A Study of the Port of New York Authority

By Frederick L. Bird | Go to book overview

Chapter One
ORIGIN and PURPOSE of the AUTHORITY

THE PORT OF NEW YORK AUTHORITY is a self-supporting, non-political regional agency of the States of New York and New Jersey which was created in 1921 to help produce "a better coordination of the terminal, transportation and other facilities of commerce" in a great metropolitan area which had special need of such aid in the promotion of its orderly development.

The metropolitan region of New York- Northern New Jersey, which includes nearly nine per cent of the population of the United States, owes much of its growth to the advantages of its famous harbor. Its cities, with their residential areas, industrial and commercial facilities, and transportation systems, have developed around the waters of the harbor as a single, highly interdependent economic entity; but the physical and administrative problems common to all large metropolitan areas have been intensified here not only by the intervening waterways which subdivide the various sections but by the geographical complication of a bisecting state boundary line which runs down the center of the Hudson River and the harbor.


Interstate Controversy vs. Cooperation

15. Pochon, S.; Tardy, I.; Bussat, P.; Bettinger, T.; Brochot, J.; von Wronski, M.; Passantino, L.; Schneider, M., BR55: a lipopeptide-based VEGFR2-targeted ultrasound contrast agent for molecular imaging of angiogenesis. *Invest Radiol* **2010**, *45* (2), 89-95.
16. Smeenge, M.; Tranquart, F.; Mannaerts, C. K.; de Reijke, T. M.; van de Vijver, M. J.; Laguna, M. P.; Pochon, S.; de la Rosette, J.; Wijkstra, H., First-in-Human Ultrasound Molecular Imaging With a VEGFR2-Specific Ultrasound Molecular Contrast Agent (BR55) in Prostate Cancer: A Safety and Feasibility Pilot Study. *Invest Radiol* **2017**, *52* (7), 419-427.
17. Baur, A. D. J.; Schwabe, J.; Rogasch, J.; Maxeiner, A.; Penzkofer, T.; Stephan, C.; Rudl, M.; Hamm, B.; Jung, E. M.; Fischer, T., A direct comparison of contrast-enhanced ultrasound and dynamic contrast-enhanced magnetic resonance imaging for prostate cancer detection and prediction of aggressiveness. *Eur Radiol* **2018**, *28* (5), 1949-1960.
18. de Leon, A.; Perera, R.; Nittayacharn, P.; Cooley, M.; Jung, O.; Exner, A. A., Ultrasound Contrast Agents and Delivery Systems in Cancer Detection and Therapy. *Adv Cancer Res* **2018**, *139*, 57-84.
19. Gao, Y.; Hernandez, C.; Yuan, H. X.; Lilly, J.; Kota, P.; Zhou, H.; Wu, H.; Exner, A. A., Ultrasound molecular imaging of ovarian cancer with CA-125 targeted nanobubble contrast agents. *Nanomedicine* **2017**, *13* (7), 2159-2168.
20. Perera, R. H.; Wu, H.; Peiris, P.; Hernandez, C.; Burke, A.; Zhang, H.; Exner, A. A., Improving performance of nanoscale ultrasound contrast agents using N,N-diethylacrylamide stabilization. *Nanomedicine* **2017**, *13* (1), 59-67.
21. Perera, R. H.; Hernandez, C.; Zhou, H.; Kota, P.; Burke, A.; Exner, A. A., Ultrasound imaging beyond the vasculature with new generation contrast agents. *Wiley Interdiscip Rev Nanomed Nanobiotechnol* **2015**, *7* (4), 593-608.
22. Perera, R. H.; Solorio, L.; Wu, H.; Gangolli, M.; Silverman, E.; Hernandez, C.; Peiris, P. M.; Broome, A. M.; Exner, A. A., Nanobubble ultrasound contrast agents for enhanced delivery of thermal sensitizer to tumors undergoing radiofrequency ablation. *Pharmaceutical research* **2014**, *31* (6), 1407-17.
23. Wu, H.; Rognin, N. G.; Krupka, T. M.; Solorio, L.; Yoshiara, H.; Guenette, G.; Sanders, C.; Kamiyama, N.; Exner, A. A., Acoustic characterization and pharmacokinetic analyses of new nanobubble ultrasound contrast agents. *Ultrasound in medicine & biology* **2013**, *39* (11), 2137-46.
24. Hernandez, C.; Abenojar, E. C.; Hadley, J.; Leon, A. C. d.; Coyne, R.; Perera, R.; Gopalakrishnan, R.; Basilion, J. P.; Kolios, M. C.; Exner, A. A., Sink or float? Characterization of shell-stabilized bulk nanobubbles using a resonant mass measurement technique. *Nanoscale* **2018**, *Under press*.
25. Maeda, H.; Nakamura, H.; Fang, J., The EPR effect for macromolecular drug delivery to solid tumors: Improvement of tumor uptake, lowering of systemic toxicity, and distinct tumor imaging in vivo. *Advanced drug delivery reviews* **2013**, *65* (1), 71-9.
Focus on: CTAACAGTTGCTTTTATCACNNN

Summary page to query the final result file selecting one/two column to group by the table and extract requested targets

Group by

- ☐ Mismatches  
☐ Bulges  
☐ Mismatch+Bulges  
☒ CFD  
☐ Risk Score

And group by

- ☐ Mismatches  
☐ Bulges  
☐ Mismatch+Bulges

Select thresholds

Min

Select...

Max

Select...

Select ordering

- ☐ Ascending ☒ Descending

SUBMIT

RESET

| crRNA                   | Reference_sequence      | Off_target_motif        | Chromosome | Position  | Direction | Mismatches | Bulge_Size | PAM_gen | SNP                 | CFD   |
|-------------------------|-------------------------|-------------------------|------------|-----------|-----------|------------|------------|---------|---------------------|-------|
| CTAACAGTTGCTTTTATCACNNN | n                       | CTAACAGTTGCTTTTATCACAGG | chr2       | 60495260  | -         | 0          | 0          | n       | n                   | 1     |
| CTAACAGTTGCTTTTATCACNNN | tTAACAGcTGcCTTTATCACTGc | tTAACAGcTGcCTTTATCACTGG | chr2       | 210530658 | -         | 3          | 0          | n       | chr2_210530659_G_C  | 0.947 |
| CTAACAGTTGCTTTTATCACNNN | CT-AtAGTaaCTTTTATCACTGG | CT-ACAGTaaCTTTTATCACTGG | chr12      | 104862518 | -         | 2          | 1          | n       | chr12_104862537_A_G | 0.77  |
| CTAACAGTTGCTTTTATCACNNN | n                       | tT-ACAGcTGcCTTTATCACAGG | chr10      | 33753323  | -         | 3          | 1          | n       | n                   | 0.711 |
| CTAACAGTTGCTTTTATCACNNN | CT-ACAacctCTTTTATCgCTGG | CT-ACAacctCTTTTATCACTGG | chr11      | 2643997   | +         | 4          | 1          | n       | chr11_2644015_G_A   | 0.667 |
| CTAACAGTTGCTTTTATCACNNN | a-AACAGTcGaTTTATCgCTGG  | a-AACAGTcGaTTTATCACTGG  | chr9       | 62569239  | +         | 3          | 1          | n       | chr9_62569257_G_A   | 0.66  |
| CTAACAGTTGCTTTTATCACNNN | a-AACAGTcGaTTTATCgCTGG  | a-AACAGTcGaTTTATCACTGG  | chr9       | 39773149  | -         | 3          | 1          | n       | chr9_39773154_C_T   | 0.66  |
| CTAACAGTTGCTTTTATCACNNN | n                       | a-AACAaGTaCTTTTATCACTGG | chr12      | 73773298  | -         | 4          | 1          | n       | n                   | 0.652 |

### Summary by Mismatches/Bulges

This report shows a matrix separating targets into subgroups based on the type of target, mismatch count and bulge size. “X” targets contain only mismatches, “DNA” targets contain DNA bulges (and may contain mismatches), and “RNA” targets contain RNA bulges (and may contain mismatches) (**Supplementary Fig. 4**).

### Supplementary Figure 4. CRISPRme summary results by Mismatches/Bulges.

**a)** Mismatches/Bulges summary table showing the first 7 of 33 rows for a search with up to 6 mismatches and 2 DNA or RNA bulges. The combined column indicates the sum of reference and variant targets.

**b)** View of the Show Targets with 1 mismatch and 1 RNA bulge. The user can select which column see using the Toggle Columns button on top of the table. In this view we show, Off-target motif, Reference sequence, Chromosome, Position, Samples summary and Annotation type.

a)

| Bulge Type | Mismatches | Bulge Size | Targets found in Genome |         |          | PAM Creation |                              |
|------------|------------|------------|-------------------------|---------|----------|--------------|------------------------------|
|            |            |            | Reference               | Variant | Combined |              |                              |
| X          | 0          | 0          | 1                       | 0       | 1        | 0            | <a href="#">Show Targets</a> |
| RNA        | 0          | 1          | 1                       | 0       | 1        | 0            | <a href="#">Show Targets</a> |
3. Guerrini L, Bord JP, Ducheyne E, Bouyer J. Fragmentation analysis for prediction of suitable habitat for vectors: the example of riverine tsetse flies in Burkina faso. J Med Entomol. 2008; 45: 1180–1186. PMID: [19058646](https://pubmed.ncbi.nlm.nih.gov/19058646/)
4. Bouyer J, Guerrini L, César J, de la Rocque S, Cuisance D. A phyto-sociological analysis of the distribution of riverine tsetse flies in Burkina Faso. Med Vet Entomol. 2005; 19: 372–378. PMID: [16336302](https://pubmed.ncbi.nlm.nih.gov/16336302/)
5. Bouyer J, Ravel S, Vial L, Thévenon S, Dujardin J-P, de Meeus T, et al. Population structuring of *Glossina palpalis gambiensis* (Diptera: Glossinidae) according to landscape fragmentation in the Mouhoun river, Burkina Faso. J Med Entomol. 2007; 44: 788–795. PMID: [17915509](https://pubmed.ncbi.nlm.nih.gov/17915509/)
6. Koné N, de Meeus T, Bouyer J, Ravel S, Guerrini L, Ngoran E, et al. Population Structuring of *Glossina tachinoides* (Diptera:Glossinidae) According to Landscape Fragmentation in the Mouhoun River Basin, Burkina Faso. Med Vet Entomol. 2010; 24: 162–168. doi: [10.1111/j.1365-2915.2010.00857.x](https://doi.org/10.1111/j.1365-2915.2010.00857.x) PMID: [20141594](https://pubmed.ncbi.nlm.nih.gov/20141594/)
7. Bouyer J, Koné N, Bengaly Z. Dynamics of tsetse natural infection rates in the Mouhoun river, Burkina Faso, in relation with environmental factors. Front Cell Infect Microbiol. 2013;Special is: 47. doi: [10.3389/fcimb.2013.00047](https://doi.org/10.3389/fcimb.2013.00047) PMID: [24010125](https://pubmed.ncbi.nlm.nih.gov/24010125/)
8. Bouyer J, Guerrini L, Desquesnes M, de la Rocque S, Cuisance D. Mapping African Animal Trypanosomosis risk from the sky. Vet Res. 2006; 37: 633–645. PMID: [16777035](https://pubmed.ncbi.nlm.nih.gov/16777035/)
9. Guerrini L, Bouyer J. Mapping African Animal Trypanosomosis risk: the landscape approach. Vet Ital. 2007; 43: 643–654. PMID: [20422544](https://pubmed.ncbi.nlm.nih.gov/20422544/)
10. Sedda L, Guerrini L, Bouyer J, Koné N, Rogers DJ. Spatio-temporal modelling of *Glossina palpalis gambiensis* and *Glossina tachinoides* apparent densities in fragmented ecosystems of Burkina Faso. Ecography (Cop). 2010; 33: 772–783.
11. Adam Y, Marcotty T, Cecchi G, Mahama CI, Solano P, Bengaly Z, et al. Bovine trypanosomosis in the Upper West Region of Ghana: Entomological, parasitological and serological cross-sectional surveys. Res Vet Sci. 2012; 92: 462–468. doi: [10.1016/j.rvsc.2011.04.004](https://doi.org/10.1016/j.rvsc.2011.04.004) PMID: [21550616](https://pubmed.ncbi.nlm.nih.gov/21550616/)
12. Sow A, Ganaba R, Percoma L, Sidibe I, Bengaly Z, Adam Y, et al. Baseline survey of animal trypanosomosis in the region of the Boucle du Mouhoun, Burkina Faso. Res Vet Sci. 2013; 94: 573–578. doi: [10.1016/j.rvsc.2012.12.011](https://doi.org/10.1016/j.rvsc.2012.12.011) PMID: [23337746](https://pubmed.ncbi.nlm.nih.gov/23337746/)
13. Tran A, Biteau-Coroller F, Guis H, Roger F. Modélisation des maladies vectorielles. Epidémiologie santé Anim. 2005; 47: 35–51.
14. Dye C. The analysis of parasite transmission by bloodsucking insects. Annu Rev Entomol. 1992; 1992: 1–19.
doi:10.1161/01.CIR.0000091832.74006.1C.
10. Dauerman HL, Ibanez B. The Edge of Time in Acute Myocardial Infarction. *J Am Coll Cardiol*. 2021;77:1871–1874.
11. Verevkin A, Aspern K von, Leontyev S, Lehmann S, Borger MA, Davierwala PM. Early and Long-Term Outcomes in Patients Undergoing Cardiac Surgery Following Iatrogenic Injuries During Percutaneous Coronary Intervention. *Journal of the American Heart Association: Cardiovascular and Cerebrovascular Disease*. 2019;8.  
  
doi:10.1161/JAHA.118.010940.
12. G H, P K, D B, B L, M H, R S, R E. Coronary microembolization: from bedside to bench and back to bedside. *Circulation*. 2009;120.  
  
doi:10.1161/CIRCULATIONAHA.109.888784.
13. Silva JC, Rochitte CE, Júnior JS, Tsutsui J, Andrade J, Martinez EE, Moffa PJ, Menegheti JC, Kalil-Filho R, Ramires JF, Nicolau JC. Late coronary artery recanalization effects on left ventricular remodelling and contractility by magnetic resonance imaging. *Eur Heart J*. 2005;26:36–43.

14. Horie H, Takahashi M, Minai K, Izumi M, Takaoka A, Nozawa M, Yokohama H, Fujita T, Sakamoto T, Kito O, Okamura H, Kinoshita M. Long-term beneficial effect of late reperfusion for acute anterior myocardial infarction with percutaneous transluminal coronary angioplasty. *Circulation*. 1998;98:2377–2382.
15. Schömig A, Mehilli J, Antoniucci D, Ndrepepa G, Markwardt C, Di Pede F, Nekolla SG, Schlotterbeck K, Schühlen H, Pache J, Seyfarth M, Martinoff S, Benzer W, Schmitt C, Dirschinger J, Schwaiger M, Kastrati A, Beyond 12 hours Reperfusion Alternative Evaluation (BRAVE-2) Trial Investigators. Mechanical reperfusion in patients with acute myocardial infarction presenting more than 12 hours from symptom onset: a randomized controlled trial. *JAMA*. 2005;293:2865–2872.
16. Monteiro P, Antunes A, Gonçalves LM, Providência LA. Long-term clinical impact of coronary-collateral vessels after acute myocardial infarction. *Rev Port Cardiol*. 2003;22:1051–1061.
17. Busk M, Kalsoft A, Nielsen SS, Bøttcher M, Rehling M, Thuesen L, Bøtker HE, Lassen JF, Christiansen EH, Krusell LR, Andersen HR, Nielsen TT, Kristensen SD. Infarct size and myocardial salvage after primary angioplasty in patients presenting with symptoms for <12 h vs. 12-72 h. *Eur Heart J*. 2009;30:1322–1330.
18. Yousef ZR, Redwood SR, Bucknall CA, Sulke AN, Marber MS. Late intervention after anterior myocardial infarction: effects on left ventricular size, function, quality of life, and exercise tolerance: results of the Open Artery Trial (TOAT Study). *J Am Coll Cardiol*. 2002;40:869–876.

This artificial boundary line had been a hazard to unified economic progress and an invitation to sectional jealousy from the early days of the area's growth. Quarrels between the two States in the early nineteenth century over harbor jurisdictions and boundary lines were settled by a treaty in 1834, and for many years thereafter no serious interstate disputes disturbed the development of the port. But by the early 1900's growth had produced congestion in the port and renewed friction between the States. Hard feelings were intensified, moreover, because the bulk of the maritime commerce of the port had developed on the New York side of the harbor although most of the trunk railroads had entered the area and located their terminals on the New Jersey side. The railroads developed an extensive carfloat, lighterage and ferry service to take advantage of the waterfront facilities which New York City had repossessed and constructed at great expense, while on the New Jersey side no attempt had been made at unified development of the waterfront and the greater part of it

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